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From our data, we’ve gathered that in Q3 1999, demand peaked with 2-storey terrace homes in Sri Petaling. There was a total of 123 transactions, at a median price of RM149 psf.

By all means, this may not be the case this year, given the whole Sri Petaling tabligh cluster that led to the sudden spike in COVID-19 confirmed cases.

In 2004, 2-storey terrace homes were the most transacted properties 2 quarters in a row. This demand spiked in Mont Kiara, Desa Sri Hartamas, Kepong, Desa Parkcity, Sunway SPK Damansara, and Taman Bukit Maluri.

The median prices in those particular areas went from RM151 psf in 1999 to RM213 psf in 2004.

Over in Kuala Lumpur, serviced apartments were the most popular post-crisis properties in 2003 to 2004, and post-2008.

Serviced apartments

Area

Period

Transactions

Median Price

Kuala Lumpur

Q4 2003

120

RM419 psf in Q4 2003 (62% rise from H2 1999)

Kuala Lumpur

Q3 2009

176

RM880 psf

Kuala Lumpur

Q4 2009

288

RM880 psf

However, serviced apartments and condominiums in Kuala Lumpur then became less popular since 2012.

This changed in 2019, with the national Home Ownership Campaign (HOC) helping to drive transactions to the sub-RM500,000 category.

It could be that serviced apartments tend to be concentrated in bustling, economic areas, and therefore at a premium.

Serviced apartments

Area

Period

Median Price

Kuala Lumpur

2019

RM888 psf

Outside Kuala Lumpur

2019

RM355 psf

While transaction volumes have trended downwards in recent years, median prices (psf) have still managed to climb.

Terrace Homes

Area

Period

Capital Appreciation

Median Price

Mukim Kuala Lumpur

1999–2019

304%

RM186 psf (1999) to RM752 psf (2019)

Mukim Kuala Lumpur

2009–2019

144%

RM308 psf (2009) to RM752 psf (2019)

Mukim Batu

1999–2019

198%

RM151 psf (1999) to RM451 psf (2019)

Mukim Batu

2009–2019

84%

RM232 psf (2009) to RM451 psf (2019)

When we come to Mukim Petaling, condominiums were the most popular properties from 2009–2019.

Condominiums/Service Apartment

Area

Period

Capital Appreciation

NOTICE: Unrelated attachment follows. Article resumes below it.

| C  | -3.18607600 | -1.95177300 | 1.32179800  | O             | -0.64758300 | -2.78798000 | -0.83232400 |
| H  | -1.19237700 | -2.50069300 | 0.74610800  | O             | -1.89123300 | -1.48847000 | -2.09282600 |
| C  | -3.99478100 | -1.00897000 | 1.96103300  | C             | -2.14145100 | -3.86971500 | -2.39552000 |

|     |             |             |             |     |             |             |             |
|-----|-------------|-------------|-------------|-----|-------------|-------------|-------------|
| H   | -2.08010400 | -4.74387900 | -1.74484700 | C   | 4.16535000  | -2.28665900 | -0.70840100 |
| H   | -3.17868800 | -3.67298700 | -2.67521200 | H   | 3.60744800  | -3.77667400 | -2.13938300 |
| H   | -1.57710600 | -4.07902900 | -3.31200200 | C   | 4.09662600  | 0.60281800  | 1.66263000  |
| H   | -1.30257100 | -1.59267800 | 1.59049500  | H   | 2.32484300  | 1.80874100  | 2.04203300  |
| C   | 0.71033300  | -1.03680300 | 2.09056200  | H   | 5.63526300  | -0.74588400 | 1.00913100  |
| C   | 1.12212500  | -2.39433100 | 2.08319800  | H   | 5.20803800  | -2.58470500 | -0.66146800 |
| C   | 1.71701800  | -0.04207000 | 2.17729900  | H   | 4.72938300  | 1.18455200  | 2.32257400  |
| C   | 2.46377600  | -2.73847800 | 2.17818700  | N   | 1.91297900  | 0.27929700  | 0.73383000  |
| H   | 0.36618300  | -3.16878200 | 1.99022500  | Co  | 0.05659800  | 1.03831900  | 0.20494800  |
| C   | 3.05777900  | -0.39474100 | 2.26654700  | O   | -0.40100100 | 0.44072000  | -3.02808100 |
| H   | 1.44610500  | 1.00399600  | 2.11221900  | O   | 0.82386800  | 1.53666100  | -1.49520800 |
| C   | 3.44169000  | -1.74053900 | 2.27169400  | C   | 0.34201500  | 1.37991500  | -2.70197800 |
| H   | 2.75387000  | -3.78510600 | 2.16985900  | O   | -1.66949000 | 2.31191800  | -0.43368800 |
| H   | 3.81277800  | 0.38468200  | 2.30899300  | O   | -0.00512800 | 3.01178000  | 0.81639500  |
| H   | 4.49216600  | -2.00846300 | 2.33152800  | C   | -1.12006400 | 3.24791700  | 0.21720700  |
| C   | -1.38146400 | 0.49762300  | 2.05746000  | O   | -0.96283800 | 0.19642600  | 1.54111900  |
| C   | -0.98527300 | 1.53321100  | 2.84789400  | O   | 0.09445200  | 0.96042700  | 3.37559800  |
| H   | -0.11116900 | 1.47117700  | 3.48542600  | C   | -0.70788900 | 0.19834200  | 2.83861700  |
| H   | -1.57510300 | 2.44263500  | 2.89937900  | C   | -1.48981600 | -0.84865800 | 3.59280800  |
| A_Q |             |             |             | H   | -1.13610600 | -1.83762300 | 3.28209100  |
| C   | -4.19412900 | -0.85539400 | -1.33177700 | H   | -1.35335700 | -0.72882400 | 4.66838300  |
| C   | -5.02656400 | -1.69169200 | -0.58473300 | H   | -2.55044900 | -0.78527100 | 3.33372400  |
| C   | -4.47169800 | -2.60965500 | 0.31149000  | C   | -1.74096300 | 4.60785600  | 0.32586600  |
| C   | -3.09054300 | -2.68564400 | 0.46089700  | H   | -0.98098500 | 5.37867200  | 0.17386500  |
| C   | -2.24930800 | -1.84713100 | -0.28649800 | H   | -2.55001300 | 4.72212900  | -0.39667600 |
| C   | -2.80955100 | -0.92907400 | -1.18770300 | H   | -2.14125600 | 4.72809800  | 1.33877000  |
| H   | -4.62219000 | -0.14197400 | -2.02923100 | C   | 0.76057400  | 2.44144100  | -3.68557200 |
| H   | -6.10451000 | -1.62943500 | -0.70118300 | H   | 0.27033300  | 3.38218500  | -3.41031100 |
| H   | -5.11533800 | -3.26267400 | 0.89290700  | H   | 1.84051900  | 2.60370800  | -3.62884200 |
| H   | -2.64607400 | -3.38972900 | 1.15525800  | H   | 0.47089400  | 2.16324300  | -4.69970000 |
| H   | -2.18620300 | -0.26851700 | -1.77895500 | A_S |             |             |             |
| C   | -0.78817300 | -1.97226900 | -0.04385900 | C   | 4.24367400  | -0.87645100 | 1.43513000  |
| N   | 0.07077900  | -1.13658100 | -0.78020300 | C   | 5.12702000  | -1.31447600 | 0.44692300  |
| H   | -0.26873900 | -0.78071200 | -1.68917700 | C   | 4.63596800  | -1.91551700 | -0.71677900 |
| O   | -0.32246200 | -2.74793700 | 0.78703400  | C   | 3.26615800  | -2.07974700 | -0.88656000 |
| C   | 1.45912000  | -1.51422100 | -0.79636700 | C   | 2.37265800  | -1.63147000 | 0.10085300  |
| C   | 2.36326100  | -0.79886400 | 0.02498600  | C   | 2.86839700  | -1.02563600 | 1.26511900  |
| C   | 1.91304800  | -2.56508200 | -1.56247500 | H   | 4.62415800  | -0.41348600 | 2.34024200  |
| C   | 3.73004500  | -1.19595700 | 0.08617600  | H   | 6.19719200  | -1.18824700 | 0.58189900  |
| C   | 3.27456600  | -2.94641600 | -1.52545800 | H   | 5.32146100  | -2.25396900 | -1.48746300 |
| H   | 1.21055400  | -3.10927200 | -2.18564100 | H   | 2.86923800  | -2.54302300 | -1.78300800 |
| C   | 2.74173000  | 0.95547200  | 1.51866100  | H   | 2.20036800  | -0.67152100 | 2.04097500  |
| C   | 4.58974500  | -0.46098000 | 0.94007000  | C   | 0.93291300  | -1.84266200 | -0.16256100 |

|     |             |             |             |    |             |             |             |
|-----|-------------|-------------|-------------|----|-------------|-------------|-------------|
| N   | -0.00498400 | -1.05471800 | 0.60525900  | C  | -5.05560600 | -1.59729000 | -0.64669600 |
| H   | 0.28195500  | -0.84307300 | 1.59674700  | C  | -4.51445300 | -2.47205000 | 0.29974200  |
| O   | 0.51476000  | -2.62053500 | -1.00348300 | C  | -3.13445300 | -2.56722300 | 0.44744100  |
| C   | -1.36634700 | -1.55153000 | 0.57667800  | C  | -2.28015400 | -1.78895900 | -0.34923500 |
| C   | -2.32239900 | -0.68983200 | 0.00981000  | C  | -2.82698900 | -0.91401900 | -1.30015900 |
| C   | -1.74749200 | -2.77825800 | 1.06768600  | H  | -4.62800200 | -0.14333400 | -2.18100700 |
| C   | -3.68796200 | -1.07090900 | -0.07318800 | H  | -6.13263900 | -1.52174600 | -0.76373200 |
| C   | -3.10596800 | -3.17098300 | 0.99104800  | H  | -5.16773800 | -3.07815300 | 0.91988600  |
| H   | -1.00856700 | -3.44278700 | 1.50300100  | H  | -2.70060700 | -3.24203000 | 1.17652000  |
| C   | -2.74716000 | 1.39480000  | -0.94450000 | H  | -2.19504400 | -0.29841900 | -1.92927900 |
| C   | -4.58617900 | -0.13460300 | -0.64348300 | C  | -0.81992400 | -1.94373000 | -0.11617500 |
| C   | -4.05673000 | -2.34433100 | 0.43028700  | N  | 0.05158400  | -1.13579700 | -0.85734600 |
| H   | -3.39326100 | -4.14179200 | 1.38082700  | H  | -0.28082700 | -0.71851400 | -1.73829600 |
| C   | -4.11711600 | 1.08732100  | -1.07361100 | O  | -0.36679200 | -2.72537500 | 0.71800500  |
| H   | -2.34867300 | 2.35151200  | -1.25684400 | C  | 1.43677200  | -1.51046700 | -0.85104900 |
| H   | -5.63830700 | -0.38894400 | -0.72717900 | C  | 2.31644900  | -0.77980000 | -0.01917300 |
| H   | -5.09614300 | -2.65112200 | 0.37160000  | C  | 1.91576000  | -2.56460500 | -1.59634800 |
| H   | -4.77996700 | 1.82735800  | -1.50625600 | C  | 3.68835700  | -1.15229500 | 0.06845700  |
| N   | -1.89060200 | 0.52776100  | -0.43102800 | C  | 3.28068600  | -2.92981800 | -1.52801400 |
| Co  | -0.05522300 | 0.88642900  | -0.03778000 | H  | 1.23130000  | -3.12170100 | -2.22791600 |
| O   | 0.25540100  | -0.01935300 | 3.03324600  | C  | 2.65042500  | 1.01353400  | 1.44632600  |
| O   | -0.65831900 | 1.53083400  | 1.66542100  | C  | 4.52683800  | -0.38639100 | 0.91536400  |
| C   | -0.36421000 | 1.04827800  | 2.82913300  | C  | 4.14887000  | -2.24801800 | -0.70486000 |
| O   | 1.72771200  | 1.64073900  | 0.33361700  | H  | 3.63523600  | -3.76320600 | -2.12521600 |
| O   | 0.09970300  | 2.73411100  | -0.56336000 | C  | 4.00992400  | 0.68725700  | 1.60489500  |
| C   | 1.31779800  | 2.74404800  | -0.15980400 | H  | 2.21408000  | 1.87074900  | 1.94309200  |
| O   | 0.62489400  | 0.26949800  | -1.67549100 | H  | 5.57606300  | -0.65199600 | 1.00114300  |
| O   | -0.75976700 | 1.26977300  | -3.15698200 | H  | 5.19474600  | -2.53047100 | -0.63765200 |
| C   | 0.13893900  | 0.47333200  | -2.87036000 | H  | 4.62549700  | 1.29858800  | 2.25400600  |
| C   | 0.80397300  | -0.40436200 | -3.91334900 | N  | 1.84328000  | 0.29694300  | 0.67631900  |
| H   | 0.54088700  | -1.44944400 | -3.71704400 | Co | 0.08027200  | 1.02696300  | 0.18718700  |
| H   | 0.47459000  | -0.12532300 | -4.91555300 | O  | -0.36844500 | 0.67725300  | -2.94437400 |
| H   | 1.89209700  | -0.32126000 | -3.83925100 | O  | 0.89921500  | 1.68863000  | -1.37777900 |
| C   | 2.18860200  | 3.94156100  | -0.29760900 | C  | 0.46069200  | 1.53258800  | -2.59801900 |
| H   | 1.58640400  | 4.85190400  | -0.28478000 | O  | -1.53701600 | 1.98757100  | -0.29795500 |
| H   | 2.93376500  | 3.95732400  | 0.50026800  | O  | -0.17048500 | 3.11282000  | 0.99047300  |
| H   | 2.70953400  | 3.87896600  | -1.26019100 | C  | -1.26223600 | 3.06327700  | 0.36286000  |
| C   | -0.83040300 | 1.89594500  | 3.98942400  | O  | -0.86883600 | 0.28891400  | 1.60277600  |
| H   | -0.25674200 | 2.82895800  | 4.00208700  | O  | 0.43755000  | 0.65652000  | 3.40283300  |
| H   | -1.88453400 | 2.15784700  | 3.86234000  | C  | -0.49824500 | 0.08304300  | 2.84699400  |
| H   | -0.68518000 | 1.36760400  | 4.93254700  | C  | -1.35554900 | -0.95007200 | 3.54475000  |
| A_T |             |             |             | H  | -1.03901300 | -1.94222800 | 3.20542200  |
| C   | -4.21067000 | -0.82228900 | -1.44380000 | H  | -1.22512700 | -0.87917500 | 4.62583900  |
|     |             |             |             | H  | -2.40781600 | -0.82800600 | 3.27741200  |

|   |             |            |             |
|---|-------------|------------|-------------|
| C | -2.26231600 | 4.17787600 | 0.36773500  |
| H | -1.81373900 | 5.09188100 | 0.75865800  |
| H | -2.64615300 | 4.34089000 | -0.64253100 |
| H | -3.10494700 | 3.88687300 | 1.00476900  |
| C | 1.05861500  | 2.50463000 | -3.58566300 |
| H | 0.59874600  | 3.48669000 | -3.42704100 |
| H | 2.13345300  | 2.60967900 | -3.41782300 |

Median Price

Mukim Kuala Lumpur

1999–2019

139%

RM356 psf (1999) to RM852 psf (2019)

Mukim Kuala Lumpur

2009–2019

108%

RM409 psf (2009) to RM382 psf (2019)

Mukim Petaling

1999–2019

304%

RM158 psf (1999) to RM382 psf (2019)

 

Capital Appreciation vs Property Type (2015–2019)

Property Type

Area

Capital Appreciation

Terrace homes

Mukim Kuala Lumpur

5%

Terrace homes

Mukim Batu

-13%

Serviced apartments

Mukim Kuala Lumpur

3%

Serviced apartments

Mukim Petaling

-11%

Overwhelmingly, we see that 2-storey terrace homes were the most preferred property type in Selangor, Kuala Lumpur, Penang and Johor during the post crisis years of 1999, 2003, and 2004.

This changed in the post-crisis year of 2009, where Kuala Lumpur and Penang instead saw an increasing trend for high-rise developments such as flats, apartments, condominiums, and serviced apartments.

In 1999, transactions peaked in Q4 with 868 2-storey terrace home transactions in Mukim Damansara. These transactions were concentrated in Subang Jaya and USJ.

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2-storey terrace homes remained popular until Q4 2004, peaking with 602 transactions. While remaining popular, the number of transactions for this particular property type has moderated in recent years.

Double Storey Terrace Homes

Area

Period

Capital Appreciation

Median Price

Mukim Damansara

1999–2004

30%

RM179 psf (1999) to RM233 psf (2004)

Mukim Klang

1999–2004

115%

RM116 psf (1999) to RM250 psf (2004)

Mukim Petaling

1999–2004

24%

RM174 psf (1999) to RM216 psf (2004)

 

Can I Focus On The Areas Mentioned When House Hunting?

While you can use the information we’ve provided to come up with your own educated guess, do note that as projections today are based on historical data, there’s still the major element of uncertainty.

We strongly advice you to do all the necessary research and practice a holistic home ownership.

This means that you shouldn’t just look at the initial costs associated with owning the property, you also need to ensure you’re financially stable to sustain the monthly instalments, while managing your other necessary expenses well!